The Best Years of Their Lives
It's usually simple enough to become player of the year in college basketball—just have a brilliant season while your team attains a level of success it couldn't have reached without you. But this year's group of candidates is so distinguished that applying those standards barely narrows the field. Who had the better all-around season, Duke center Christian Laettner or Ohio State swingman Jimmy Jackson? Laettner was merely the best player on the country's best team, the player who held the top-ranked Blue Devils together while point guard Bobby Hurley and swingman Grant Hill were sidelined with injuries. For his part, Jackson showed an unsurpassed ability to take over games down the stretch. But was either of them more responsible for his team's achievements than center Shaquille O'Neal was for LSU's or center Alonzo Mourning was for Georgetown's?
The competition is the closest in years, so close that we thought the winner should have some other dimension, something more to recommend him. That's why we turned to Harold Miner, USC's spectacular guard. A 6'5" junior, Miner has all the traditional credentials. He completed the regular season as the nation's third-leading scorer, with a 26.9-point average, and he led the Trojans, widely picked to end up no higher than fourth in the Pac-10, to a second-place conference finish and a No. 10 national ranking. What's more, he breathed life into a program that hardly had a pulse two seasons ago, and he did it with a flair that even rival crowds enjoyed. For all those reasons, Miner is the SPORTS ILLUSTRATED men's Player of the Year.
Like Miner, 5'9" senior forward Frances Savage of Miami had a season worth noting for more than the impressive statistics she accumulated. Savage worked her way back from a career-threatening knee injury that forced her to redshirt last season. She averaged 23.4 points and 10.5 rebounds to lead the sixth-ranked Hurricanes to 29 consecutive wins after a season-opening loss. Because she had a sensational season while playing with pain, Savage is our Player of the Year among the women.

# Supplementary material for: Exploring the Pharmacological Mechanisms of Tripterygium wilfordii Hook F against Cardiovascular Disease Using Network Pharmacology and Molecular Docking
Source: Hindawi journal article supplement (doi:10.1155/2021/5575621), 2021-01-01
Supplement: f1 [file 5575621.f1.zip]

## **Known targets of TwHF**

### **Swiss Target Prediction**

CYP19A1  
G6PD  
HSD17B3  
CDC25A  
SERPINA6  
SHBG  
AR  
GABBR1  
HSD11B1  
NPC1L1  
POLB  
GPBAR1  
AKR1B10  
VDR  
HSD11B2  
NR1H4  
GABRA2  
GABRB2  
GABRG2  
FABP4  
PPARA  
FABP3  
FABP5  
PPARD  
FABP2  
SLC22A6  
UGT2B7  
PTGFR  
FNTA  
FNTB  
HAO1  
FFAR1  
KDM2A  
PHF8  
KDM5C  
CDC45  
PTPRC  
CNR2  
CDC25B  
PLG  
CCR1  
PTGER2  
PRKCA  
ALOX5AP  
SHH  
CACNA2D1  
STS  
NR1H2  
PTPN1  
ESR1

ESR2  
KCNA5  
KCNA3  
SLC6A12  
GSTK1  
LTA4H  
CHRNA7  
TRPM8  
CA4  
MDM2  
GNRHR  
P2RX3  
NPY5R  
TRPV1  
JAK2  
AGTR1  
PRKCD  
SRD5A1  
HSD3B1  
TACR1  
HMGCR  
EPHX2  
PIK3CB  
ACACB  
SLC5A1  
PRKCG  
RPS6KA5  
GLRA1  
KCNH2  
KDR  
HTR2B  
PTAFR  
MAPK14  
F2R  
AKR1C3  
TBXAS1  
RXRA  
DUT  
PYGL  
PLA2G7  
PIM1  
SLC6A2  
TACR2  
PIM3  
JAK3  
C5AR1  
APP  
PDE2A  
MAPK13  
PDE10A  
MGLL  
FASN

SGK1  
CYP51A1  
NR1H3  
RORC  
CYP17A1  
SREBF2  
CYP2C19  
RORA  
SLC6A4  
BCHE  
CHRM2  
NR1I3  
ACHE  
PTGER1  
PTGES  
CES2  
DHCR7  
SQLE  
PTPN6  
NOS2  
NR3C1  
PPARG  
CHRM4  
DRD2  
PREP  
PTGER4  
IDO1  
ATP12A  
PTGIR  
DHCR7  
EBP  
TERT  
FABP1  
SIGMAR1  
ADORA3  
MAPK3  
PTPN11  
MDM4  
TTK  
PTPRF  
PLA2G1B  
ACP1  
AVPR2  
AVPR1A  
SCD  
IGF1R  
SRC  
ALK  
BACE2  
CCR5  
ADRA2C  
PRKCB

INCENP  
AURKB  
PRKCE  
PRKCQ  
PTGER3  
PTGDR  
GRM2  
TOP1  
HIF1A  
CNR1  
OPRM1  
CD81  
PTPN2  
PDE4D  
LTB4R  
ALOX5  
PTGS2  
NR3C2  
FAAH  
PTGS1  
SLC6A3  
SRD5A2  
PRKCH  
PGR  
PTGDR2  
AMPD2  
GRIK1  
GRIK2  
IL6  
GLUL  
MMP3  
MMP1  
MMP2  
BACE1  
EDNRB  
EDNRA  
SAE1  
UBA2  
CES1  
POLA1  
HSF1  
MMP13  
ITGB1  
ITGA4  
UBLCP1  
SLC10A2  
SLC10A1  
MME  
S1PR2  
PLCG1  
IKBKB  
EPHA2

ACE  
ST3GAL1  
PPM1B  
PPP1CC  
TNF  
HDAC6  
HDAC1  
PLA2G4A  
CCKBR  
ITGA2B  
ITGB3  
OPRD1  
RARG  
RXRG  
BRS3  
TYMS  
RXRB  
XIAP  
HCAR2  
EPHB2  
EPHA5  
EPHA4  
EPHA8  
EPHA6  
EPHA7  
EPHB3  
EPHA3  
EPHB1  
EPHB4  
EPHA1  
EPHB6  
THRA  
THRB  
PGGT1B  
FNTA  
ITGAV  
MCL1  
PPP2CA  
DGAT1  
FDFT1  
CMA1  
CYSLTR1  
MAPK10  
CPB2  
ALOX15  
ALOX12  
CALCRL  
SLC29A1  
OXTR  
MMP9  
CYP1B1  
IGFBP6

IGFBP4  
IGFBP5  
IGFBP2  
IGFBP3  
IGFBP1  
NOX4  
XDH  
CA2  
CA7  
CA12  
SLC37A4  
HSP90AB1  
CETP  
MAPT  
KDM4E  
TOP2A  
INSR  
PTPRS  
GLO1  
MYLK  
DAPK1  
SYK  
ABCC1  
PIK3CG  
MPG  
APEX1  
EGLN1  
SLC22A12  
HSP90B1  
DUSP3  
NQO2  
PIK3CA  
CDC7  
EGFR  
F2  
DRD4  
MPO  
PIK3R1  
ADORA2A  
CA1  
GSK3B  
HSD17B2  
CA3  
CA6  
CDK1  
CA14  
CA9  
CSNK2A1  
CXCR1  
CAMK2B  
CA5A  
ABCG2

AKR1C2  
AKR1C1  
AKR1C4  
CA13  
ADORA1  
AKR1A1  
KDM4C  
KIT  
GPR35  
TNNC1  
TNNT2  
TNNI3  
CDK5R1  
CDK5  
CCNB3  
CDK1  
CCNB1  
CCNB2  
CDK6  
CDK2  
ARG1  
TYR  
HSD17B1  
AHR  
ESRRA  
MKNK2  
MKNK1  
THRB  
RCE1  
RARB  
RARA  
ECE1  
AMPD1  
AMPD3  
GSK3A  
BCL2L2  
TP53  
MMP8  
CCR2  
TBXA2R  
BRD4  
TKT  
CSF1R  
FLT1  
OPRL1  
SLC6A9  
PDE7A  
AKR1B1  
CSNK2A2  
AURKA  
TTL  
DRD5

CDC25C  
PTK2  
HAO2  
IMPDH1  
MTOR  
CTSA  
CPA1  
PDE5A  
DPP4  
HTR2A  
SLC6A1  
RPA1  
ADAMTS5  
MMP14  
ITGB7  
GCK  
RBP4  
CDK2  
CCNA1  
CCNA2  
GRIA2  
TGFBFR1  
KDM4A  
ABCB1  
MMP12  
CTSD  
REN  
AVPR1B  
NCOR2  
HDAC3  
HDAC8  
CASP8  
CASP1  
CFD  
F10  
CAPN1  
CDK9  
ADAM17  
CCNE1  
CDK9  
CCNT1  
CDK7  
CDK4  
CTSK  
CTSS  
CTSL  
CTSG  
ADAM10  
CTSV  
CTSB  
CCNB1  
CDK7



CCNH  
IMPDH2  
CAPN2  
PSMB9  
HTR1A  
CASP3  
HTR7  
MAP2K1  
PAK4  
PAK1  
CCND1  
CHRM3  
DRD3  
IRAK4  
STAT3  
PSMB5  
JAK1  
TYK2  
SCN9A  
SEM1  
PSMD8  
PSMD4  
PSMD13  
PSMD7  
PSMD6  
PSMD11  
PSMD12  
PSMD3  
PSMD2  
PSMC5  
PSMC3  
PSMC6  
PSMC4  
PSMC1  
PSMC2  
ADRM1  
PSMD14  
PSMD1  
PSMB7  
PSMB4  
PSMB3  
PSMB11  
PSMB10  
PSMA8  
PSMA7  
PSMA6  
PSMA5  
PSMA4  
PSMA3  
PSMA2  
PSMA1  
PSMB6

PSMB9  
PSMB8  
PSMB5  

March 23, 1992
Of our two winners, Miner is easily the flashier. With his well-chronicled idiosyncrasies—which include giving the ball a hug before shooting free throws and placing his nose on various teammates and objects—he seems to stop just short of being a hot dog. "I only do what comes naturally," says Miner. "I think that's why fans on the road have never really treated me badly. They can sense I'm not trying to get attention or embarrass anybody."
That's not to say Miner doesn't have a sense of mischief. Three days after he scored 29 points and had 13 rebounds in the Trojans' second victory of the season over UCLA, on Feb. 27, he walked into Pauley Pavilion for the Bruins' game against Duke clad in a USC sweatshirt—"I was rubbing it in just a little," says Miner—and was booed as he passed in front of the UCLA student section. But when Miner looked up and Hashed his car-to-ear smile, the boos turned to cheers and then into a chant of "Transfer! Transfer!" Miner is surely the first Trojan player ever to be courted by a Bruin crowd. If Miner leaves Southern Cal before his senior year, though, it will be to join the NBA, not UCLA.
Savage also had to beat out a lot of outstanding competition—most notably, Virginia guard Dawn Staley, our 1990-91 women's Player of the Year—but her comeback was too compelling to ignore. Savage had previously undergone surgery on her left ankle in 1989. That injury, however, was nothing compared with what she went through last season. In the Hurricanes' second game Savage went down with torn cartilage in her left knee. When doctors operated, they discovered a hole in her thigh bone that was due to a congenital defect. "They used a laser to burn the bone so it would bleed and build up sear tissue over the hole," says Savage. "When I came back this year [the NCAA granted her an extra season of eligibility because her injury occurred so early in what should have been her senior year], I knew people were wondering if I'd be as good as I had been."